Below is an opinion piece that ran in Roll Call today in honor of my friend, John Gibson, who was killed 10 years ago today while protecting me and my staff in the U.S. Capitol.
My daughter jokes that he was tougher on her than I was. But in the case of Capitol Police Detective John Gibson, his influence on my family was not born of the years we were together, the thousands of hours, hundreds of meals and dozens of holidays we celebrated together. It was the man.
Gibson met everyone, regardless of whether he knew them, with a smile. He was kind and funny and unfailingly honest. He was as tough as iron, except when he wasn’t, and then would emerge the doting, beloved father of three. He was a devout Catholic, and when he wasn’t working through the Boston Globe sports page, he could be seen thumbing through his Bible. He loved hockey, so much so that he even vainly suffered to explain it to me, who couldn’t tell a red line from a Red Wing.
He served on my security detail from 1995 to 1998, and in that time he became a unique friend in my life. Capitol Police officers on security details, you see, are not supposed to become too friendly with the people they protect. Personal relationships cloud objectivity and judgment — and thank God for that — and yet I, like the members of my staff and, from what I could tell, everyone he ever met, would call Gibson my friend.
He was often the first person I saw in the morning and the last one I saw at night. He was frequently the person with whom I spent the most time in a day, and, quite possibly, in a month or a year. I did not deserve the unique gift of this man’s company and friendship.
He was a trusted friend to my wife, a second father to my daughter, and a beloved member of both my personal and Congressional family. John Michael Gibson was my hero even before July 24, 1998, when a disturbed man named Russell Weston ran into my office on the first floor of the Capitol with a .38-caliber Smith & Wesson revolver.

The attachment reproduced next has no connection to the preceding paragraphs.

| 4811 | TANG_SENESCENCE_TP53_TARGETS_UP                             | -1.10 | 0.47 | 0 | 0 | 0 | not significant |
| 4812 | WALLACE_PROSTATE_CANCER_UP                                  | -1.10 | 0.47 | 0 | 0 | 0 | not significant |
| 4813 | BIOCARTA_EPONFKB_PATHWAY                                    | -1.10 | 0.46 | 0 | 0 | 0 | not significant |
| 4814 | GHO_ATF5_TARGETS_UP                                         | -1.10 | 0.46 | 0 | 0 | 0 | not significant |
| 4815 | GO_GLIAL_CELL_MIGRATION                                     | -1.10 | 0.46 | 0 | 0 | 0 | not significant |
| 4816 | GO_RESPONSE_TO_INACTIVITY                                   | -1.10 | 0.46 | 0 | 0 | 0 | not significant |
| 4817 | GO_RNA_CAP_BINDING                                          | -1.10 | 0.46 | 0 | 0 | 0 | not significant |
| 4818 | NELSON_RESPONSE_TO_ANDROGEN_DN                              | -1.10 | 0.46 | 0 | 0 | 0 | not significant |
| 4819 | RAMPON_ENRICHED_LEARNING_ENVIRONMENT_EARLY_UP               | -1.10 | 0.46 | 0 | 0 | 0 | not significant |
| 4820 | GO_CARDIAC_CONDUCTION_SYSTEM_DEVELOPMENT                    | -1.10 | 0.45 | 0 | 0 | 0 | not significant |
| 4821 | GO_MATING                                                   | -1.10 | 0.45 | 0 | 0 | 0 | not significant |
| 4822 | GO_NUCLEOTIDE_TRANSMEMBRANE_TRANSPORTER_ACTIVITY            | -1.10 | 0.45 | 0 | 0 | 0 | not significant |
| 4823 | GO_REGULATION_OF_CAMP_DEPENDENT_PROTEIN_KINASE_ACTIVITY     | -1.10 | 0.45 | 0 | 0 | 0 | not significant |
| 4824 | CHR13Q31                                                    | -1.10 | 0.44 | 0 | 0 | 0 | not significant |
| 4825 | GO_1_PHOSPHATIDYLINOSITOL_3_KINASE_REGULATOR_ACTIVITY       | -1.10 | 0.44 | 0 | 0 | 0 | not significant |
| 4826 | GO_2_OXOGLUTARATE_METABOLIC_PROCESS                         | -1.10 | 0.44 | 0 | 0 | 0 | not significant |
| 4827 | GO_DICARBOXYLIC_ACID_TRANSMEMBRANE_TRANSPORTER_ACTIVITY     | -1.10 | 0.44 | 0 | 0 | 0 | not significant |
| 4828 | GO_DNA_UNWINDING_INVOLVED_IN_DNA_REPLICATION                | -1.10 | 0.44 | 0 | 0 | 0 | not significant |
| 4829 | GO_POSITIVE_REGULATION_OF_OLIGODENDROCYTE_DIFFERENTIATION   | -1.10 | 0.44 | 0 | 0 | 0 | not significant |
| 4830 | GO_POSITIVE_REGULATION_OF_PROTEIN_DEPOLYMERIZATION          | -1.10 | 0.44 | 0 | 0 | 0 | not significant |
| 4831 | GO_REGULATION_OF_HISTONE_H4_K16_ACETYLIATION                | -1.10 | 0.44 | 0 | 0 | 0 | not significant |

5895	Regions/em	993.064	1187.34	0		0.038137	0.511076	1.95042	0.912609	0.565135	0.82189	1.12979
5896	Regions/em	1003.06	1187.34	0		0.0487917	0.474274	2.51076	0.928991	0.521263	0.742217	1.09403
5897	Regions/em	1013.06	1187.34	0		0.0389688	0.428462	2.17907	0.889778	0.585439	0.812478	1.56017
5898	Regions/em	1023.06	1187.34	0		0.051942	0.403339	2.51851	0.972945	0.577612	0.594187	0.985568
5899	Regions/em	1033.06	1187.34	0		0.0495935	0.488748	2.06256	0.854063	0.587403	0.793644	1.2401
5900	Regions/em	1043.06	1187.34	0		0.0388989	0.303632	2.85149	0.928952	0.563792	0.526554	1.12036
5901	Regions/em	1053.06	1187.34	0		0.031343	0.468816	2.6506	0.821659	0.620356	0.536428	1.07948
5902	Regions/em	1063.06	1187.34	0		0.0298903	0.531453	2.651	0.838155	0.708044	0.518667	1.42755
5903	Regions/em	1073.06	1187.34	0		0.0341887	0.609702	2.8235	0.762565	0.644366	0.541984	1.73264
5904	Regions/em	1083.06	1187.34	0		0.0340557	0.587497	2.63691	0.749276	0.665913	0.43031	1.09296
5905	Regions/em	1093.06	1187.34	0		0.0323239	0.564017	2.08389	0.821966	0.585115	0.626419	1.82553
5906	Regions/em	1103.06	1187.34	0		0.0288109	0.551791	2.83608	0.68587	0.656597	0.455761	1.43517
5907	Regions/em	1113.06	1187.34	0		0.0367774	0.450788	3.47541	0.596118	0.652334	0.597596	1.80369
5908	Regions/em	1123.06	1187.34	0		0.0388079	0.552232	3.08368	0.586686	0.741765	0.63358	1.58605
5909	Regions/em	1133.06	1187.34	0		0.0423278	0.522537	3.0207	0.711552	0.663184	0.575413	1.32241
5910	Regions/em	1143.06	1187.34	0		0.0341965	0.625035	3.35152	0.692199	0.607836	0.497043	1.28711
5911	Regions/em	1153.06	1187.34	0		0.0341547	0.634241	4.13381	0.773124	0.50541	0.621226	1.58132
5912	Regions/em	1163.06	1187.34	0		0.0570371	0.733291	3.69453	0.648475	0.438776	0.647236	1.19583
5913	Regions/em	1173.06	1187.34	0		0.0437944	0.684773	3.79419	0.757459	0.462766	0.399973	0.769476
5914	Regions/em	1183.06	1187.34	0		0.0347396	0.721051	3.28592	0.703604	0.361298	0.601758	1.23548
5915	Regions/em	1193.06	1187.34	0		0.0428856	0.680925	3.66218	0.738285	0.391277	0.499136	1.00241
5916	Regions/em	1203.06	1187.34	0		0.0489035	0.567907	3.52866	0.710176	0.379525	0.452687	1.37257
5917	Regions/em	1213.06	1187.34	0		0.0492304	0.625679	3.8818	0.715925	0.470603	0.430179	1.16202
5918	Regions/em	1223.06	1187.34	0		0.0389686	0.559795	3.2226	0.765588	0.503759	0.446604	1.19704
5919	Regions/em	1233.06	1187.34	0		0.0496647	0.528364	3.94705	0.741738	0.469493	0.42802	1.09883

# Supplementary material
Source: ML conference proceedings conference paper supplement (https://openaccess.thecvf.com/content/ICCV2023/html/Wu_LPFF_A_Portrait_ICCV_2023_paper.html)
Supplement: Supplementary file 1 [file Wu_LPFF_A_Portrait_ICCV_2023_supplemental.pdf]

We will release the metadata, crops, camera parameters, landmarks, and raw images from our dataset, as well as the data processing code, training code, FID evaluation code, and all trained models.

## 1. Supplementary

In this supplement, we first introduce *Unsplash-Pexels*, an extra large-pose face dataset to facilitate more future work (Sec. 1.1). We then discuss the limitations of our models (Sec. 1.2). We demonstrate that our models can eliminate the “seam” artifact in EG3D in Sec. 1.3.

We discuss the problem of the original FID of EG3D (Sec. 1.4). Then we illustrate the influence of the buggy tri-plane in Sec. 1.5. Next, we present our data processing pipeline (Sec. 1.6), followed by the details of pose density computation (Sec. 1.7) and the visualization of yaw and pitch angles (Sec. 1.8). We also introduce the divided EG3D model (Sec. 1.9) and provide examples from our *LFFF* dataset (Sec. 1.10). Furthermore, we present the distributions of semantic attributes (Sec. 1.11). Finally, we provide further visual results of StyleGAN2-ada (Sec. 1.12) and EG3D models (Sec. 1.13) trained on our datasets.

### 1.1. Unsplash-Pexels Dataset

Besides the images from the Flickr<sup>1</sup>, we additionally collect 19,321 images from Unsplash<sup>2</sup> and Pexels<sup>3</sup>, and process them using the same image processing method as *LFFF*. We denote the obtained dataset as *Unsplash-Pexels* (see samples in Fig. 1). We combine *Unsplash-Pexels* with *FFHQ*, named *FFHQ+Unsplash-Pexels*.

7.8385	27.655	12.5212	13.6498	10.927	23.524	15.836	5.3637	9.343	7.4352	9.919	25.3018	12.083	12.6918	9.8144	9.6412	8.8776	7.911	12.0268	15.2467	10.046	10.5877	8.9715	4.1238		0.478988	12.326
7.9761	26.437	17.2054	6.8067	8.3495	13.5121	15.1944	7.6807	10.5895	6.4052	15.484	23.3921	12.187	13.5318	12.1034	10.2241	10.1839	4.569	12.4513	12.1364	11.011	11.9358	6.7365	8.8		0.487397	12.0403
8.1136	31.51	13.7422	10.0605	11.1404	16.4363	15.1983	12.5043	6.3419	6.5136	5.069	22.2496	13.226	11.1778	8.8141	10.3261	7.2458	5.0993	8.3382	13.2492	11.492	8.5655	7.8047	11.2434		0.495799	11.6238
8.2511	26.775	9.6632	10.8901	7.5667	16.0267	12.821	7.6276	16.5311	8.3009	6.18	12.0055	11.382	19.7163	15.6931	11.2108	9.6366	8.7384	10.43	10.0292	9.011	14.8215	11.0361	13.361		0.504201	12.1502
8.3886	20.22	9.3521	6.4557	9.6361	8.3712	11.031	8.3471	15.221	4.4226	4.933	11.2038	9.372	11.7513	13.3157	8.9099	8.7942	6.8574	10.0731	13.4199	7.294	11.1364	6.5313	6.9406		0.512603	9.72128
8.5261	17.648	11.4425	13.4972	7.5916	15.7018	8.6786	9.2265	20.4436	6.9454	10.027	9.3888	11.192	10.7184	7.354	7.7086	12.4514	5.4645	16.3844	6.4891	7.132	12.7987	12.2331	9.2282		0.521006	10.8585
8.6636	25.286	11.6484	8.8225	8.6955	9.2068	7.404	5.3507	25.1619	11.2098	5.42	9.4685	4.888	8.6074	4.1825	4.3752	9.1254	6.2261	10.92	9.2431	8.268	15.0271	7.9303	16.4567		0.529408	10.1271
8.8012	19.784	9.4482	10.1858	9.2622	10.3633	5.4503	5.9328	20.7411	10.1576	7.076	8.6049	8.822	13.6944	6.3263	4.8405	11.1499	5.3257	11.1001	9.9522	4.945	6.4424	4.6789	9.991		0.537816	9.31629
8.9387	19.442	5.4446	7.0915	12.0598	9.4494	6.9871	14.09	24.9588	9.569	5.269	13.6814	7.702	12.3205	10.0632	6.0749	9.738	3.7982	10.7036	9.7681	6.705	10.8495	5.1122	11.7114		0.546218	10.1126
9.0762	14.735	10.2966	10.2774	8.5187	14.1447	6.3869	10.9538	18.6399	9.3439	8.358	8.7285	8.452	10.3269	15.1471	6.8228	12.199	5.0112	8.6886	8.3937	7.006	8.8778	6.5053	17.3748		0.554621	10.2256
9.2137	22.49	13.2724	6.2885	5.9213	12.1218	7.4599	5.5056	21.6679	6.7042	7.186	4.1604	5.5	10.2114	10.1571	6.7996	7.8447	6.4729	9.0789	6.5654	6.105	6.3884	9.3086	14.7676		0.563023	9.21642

We all heard the shots. None of us saw them, though, because the moment we were in danger, John ordered everyone to take cover. Weston, who had moments earlier slain Officer Jacob Chestnut at the document room door on the west side of the Capitol, chased a woman down the hall and into the suite of offices known as H-107. John shoved the woman to safety, but before he could defend himself, Weston shot him in the chest. Mortally wounded and with some of his last conscious breaths, John drew his weapon and brought down Weston with shots in his stomach and each leg. Seconds later, the Capitol Police arrived in force, arrested Weston, and removed from his pockets the additional rounds of ammunition he could have used to kill all of us.
It’s strange that the word that comes quickest to mind when we meet those sworn to protect us — police, firefighters, soldiers — is “professionalism.” The confidence and competence such people exude is not borne of years of intense training and experience, but of the choice they make to undergo it. What makes people like John Gibson and J.J. Chestnut, like every man and woman serving in the Capitol Police, special is not their courage and integrity, but their sacred choice to offer those qualities, and indeed, their very lives, into the service of others. It is easier to call this daily choice to serve “professionalism,” but those of us who know the men and women of the Capitol Police, those of us blessed to have known John Gibson, know better. What we classify as “professionalism,” we recognize, in our grateful hearts, as love.
John Gibson and J.J. Chestnut did not die to protect “others.” They died to protect me and my staff. They died to protect you. Think about that when they lose their specialty pay in budget cuts, or when they’re in need of new bulletproof vests that will actually fit under the plainclothes uniform of our protectors. Think about that the next time you’re in a hurry and you feel inconvenienced with a request to walk back through the metal detector or flash your ID.
Think about that. And think about them.